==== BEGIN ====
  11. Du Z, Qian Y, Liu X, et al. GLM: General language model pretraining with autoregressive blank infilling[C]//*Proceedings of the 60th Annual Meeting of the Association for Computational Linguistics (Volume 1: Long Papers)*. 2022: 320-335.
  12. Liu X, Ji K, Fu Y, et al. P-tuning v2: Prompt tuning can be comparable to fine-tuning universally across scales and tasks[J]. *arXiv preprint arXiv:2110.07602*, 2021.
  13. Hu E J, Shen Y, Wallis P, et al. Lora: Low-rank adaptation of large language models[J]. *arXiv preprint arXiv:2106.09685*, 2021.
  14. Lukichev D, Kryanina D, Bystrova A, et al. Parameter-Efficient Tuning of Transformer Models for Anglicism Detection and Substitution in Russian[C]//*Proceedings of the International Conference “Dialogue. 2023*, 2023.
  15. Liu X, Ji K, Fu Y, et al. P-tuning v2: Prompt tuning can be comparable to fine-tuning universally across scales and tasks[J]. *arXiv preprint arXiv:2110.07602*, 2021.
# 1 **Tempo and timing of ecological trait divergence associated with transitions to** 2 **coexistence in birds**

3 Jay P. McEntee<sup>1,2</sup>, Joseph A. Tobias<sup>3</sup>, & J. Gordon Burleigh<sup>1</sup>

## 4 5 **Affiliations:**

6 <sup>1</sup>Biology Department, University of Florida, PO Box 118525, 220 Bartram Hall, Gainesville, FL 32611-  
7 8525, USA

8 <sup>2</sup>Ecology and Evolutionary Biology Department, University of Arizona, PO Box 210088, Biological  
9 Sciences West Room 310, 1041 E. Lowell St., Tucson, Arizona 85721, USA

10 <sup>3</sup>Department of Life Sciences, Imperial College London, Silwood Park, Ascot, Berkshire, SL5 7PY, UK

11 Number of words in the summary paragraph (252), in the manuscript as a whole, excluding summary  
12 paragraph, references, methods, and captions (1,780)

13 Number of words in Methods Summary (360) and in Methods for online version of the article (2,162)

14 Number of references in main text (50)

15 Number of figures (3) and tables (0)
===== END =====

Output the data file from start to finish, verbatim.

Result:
  11. Du Z, Qian Y, Liu X, et al. GLM: General language model pretraining with autoregressive blank infilling[C]//*Proceedings of the 60th Annual Meeting of the Association for Computational Linguistics (Volume 1: Long Papers)*. 2022: 320-335.
  12. Liu X, Ji K, Fu Y, et al. P-tuning v2: Prompt tuning can be comparable to fine-tuning universally across scales and tasks[J]. *arXiv preprint arXiv:2110.07602*, 2021.
  13. Hu E J, Shen Y, Wallis P, et al. Lora: Low-rank adaptation of large language models[J]. *arXiv preprint arXiv:2106.09685*, 2021.
  14. Lukichev D, Kryanina D, Bystrova A, et al. Parameter-Efficient Tuning of Transformer Models for Anglicism Detection and Substitution in Russian[C]//*Proceedings of the International Conference “Dialogue. 2023*, 2023.
  15. Liu X, Ji K, Fu Y, et al. P-tuning v2: Prompt tuning can be comparable to fine-tuning universally across scales and tasks[J]. *arXiv preprint arXiv:2110.07602*, 2021.
# 1 **Tempo and timing of ecological trait divergence associated with transitions to** 2 **coexistence in birds**

3 Jay P. McEntee<sup>1,2</sup>, Joseph A. Tobias<sup>3</sup>, & J. Gordon Burleigh<sup>1</sup>

## 4 5 **Affiliations:**

6 <sup>1</sup>Biology Department, University of Florida, PO Box 118525, 220 Bartram Hall, Gainesville, FL 32611-  
7 8525, USA

8 <sup>2</sup>Ecology and Evolutionary Biology Department, University of Arizona, PO Box 210088, Biological  
9 Sciences West Room 310, 1041 E. Lowell St., Tucson, Arizona 85721, USA

10 <sup>3</sup>Department of Life Sciences, Imperial College London, Silwood Park, Ascot, Berkshire, SL5 7PY, UK

11 Number of words in the summary paragraph (252), in the manuscript as a whole, excluding summary  
12 paragraph, references, methods, and captions (1,780)

13 Number of words in Methods Summary (360) and in Methods for online version of the article (2,162)

14 Number of references in main text (50)

15 Number of figures (3) and tables (0)